Sounds like you got a keeper right there. In case you don't already know this, try only lightly setting your nuts or even not setting them at all. Another trick with nuts (although it's not always possible) is to push the wire up through the nut so it sticks out above the top of the nut and then pull the wire out. If it's a real bitch, it helps to clip a draw to the wire to use as a handle and for the worst case scenario use a dyneema sling + draw as a funkness device.

With cams, it's a lot less physical and more of a delicate and cryptic process when they really get in there.

I think the real solution is going to be time and patience. Each time she fails to remove a piece and you subsequently teach her, she will be learning a new lesson. Eventually she will run out of lessons to learn and won't have any more trouble than you when it comes to cleaning gear. If that means that you have to rap down and clean and/or leave gear every now and then, oh well. A good climbing partner is worth more than a few cams and nuts, and it sounds to me like you've got just that. 

amarius · · Nowhere, OK · Joined Feb 2012 · Points: 20

Lots of good stuff. Make sure there are no awkward - at extreme lock-off, extension, etc., placements.  Focus on ideal gear placements - cams not overcammed/overretrackted, nuts not overseated. A lot of folks hate cleaning tricams.  Encourage her to sit on the rope while learning to clean.

Patrik · · Unknown Hometown · Joined Jun 2010 · Points: 30
G Towey wrote:

So my girlfriend has been recently getting into climbing.  I've been at it longer and I'm comfortable leading trad.  However we've been having a lot of issues with her cleaning pitches behind me and getting gear stuck.  I've been trying to teach but it seems like no matter what advice I give each time some new, different issue arises.  So clearly something about how I'm trying to teach isn't working and clearly I can't just find a different parter.  We both *want* to make this work.

When I learned I devoured all the information I could on gear & placements.  I'd go find excuses to practice on my own and I learned through experimentation.  She's not as into all those aspects of climbing and is not really interested in leading trad anytime soon.  It's enough for me though that she is totally down to climb cracks and go do long moderate adventure routes.

What were your experiences with teaching new trad partners?  Is it common to have a lot of issues with followers and gear?  Suggestions for how to teach good gear cleaning skills without having to suffer through lots of stuck gear on long climbs?  Is there a way to re-create tricky placements on the ground where she can practice and be coached?  Is it better to just pay a professional guide to teach this?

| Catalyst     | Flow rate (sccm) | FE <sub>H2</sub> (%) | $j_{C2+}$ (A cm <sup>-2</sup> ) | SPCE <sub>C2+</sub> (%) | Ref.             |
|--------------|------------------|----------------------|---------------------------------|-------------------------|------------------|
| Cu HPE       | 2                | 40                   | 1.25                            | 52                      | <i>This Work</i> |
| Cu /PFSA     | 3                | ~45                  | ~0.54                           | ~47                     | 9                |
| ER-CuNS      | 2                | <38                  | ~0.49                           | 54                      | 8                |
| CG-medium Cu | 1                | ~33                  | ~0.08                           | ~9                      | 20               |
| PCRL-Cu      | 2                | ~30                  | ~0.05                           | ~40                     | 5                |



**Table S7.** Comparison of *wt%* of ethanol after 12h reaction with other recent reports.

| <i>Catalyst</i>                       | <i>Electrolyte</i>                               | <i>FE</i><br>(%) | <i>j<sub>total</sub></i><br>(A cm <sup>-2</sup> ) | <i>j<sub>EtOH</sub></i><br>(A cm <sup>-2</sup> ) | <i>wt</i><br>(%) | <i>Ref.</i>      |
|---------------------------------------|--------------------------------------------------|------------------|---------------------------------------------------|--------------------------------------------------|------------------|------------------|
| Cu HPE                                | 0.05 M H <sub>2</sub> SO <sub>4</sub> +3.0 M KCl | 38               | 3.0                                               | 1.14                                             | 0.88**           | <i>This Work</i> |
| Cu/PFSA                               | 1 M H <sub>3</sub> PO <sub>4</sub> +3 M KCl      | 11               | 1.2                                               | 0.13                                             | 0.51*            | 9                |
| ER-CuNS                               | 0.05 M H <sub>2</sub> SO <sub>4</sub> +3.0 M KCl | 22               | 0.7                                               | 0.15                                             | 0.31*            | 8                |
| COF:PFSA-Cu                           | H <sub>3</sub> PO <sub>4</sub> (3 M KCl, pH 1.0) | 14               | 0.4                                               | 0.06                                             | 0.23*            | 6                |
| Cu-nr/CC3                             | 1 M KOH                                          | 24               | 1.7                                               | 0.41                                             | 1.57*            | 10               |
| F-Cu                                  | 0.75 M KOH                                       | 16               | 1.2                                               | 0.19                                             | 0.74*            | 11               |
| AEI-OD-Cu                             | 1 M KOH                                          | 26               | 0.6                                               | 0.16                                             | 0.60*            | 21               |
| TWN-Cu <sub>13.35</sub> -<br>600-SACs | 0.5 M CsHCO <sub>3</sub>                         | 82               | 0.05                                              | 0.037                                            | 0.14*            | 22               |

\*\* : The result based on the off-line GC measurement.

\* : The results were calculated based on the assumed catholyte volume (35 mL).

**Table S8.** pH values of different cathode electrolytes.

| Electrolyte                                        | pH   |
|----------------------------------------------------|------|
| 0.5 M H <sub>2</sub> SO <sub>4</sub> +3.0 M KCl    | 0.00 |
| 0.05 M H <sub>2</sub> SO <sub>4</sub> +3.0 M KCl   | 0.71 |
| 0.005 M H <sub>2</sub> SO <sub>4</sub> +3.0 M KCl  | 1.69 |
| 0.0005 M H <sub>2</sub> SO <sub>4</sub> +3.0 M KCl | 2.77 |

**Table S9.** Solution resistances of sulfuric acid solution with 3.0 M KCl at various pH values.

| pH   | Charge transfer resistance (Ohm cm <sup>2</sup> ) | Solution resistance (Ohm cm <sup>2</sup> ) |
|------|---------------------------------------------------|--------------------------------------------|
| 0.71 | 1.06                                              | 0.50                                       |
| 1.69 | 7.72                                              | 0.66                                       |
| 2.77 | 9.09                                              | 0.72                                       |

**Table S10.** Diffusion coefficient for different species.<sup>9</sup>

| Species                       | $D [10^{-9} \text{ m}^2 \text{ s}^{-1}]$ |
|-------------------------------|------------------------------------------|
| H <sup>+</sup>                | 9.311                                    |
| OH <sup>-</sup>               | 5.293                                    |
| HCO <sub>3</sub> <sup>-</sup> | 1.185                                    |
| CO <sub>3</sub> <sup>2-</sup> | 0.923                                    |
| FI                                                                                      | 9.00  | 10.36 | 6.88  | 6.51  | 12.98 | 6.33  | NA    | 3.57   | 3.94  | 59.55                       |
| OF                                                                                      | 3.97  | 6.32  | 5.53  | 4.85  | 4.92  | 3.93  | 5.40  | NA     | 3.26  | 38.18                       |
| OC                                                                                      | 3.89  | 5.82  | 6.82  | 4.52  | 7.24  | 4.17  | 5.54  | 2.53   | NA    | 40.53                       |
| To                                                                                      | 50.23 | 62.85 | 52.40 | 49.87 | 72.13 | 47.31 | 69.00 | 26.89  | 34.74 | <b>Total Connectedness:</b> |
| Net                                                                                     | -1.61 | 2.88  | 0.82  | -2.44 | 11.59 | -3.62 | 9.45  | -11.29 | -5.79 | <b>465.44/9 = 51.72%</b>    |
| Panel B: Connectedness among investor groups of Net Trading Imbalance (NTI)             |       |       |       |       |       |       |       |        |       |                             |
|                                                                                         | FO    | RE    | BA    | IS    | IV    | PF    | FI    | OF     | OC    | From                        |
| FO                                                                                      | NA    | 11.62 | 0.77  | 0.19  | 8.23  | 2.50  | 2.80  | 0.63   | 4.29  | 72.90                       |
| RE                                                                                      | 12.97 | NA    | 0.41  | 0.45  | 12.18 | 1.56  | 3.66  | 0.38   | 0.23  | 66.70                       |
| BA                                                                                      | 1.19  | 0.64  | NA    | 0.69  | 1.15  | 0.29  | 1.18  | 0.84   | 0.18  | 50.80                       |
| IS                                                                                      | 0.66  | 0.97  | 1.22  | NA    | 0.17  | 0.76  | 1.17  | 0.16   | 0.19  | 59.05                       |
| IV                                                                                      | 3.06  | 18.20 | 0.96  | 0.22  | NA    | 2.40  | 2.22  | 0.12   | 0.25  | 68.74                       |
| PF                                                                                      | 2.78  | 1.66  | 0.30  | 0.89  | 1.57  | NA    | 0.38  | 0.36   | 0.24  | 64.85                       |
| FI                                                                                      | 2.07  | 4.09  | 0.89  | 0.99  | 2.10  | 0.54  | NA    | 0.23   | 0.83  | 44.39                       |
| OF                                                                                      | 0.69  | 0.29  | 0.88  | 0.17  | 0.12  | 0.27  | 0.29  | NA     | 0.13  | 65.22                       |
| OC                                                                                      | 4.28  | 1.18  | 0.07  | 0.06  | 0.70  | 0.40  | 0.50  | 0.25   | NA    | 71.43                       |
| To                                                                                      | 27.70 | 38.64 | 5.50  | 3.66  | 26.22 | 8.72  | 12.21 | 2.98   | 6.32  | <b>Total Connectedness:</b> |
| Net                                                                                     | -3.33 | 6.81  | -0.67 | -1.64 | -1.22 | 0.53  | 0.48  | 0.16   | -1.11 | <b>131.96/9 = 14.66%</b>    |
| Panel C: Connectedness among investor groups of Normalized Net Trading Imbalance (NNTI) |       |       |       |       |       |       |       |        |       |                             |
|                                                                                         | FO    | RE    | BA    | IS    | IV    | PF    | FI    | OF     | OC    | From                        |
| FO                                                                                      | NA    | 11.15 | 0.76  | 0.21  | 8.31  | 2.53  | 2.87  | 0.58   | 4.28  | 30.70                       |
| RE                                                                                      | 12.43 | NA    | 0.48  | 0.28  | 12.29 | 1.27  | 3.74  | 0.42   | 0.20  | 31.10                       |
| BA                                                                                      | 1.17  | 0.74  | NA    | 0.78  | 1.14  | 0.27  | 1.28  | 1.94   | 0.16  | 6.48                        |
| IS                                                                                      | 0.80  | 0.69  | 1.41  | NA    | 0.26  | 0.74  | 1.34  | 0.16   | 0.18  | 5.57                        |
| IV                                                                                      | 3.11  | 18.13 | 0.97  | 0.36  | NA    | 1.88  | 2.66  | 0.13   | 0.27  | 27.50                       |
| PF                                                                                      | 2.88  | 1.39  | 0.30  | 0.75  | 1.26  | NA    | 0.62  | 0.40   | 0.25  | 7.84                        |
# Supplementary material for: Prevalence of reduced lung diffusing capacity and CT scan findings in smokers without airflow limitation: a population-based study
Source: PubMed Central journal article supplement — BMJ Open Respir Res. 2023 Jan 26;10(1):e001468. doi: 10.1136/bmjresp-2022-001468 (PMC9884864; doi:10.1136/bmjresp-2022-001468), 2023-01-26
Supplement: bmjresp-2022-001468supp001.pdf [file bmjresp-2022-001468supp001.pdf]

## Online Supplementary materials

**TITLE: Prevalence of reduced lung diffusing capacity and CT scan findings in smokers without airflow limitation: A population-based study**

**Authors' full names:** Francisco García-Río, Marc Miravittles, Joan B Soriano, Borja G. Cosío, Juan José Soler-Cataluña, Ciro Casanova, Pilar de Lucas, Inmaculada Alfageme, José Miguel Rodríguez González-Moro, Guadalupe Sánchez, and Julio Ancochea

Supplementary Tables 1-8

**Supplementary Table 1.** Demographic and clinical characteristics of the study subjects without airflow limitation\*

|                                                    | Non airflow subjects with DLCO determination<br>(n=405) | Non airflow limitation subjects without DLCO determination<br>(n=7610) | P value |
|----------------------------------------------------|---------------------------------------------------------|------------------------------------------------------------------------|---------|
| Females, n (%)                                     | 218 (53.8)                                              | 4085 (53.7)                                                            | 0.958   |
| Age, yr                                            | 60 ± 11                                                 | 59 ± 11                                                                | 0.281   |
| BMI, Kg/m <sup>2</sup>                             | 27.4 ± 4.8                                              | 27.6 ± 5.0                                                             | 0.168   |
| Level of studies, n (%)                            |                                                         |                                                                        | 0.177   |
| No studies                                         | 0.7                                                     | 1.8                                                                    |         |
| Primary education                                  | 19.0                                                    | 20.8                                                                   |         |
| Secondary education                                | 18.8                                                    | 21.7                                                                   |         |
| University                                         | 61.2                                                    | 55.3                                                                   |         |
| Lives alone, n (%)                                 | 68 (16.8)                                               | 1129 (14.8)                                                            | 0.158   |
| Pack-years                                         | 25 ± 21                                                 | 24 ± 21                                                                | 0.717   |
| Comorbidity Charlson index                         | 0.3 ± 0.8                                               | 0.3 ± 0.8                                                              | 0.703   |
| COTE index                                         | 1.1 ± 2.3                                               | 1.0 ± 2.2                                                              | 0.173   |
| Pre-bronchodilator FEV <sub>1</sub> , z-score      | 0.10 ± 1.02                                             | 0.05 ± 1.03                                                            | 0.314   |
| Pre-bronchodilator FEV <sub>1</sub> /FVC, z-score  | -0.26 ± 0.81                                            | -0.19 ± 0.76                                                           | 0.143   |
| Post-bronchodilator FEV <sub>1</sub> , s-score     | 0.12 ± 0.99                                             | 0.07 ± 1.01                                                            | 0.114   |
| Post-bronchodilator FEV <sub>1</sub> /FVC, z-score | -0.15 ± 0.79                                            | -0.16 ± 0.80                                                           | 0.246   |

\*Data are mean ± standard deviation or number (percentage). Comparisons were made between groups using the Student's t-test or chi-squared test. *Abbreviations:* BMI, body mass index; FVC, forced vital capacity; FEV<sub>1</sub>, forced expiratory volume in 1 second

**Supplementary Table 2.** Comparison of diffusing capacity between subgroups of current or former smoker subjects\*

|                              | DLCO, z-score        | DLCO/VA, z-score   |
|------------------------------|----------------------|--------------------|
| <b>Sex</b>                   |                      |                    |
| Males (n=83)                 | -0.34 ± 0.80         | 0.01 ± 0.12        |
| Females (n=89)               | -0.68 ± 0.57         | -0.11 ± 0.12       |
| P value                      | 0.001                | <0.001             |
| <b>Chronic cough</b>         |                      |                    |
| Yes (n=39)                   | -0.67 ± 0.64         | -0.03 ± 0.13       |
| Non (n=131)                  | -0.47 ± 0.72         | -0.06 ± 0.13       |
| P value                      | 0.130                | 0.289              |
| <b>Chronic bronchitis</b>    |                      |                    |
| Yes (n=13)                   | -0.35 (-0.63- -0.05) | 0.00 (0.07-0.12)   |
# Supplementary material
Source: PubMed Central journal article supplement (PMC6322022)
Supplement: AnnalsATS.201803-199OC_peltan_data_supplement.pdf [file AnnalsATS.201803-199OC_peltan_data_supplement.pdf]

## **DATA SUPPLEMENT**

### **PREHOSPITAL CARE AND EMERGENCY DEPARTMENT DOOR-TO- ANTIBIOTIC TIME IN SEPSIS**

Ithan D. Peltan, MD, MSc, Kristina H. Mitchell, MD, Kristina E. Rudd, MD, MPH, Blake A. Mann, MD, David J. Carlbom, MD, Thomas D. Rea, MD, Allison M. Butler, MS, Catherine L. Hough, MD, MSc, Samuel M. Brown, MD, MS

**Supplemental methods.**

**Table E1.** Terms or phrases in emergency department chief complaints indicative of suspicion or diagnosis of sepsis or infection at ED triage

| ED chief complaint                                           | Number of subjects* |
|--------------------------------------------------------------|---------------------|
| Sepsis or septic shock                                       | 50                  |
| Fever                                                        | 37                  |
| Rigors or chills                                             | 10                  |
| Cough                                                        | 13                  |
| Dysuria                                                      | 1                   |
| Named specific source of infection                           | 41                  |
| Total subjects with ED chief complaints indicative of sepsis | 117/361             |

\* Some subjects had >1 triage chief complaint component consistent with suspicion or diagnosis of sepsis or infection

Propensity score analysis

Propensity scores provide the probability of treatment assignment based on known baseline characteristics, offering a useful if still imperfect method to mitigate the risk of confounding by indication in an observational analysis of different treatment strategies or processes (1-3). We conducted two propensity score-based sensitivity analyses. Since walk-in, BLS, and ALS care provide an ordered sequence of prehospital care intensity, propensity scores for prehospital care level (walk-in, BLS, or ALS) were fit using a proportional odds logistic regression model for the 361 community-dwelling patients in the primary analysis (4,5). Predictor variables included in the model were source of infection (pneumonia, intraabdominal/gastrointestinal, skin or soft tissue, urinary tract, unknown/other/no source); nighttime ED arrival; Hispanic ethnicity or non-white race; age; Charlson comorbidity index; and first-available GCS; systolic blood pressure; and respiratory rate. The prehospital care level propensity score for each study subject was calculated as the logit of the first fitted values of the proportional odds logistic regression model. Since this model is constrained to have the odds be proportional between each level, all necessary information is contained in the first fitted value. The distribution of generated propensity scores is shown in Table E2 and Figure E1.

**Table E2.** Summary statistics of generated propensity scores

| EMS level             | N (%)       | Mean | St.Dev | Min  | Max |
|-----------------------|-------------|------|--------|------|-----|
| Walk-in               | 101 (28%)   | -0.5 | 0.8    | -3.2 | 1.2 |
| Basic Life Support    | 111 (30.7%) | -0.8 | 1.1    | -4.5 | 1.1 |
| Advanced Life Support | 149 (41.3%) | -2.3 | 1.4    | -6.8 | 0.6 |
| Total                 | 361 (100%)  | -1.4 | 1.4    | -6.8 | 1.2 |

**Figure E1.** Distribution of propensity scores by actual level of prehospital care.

Hmm ... this almost smells like you're putting all the blame for stuck gear on your lady ( " ... her cleaning pitches and getting gear stuck.") or possibly on your lack of teaching skills. Maybe consider your gear placement skills are not that great to start with? Experience in placing gear includes placing gear that is easy to remove. It is not evident how much experience you have, but I would say that it takes a handful of years of consistent climbing to hone in the "easy-to-remove" skills. I find it a lot harder to clean gear when following "beginners". With good gear placements, there shouldn't be much need to "re-create tricky placements on the ground" for practicing. When you place gear, avoid tricky placements in the first place. Maybe YOU are the one who needs training and not your lady? I REALLY hope that this "almost-blaming-attitude" is not so evident when discussing this with her or when trying to teach her. 

Sorry if this turned out sounding a little negative, but hopefully it can give you a little different angle to your thinking. 

Gabe Cisneros · · Baltimore, md · Joined Feb 2016 · Points: 10

This thread may help you. 

www.mountainproject.com/forum/topic/112461315/building-a-cheap-setup-for-practicing-placements

Lots of ground school. Hundreds of practice placements. Tom Randall has a video series on YouTube where he shows gear placements. 

Brandon.Phillips · · Portola, CA · Joined May 2011 · Points: 55

At ground level you should place gear, remove it, then have her place the same piece and remove it. Understanding how to place it goes a long way to understanding how to clean it. This is especially true when talking about constrictions or weird placements. 

Even if she doesn't want to lead, cleaning more efficiently will still be in her interest, if only to have a better experience following.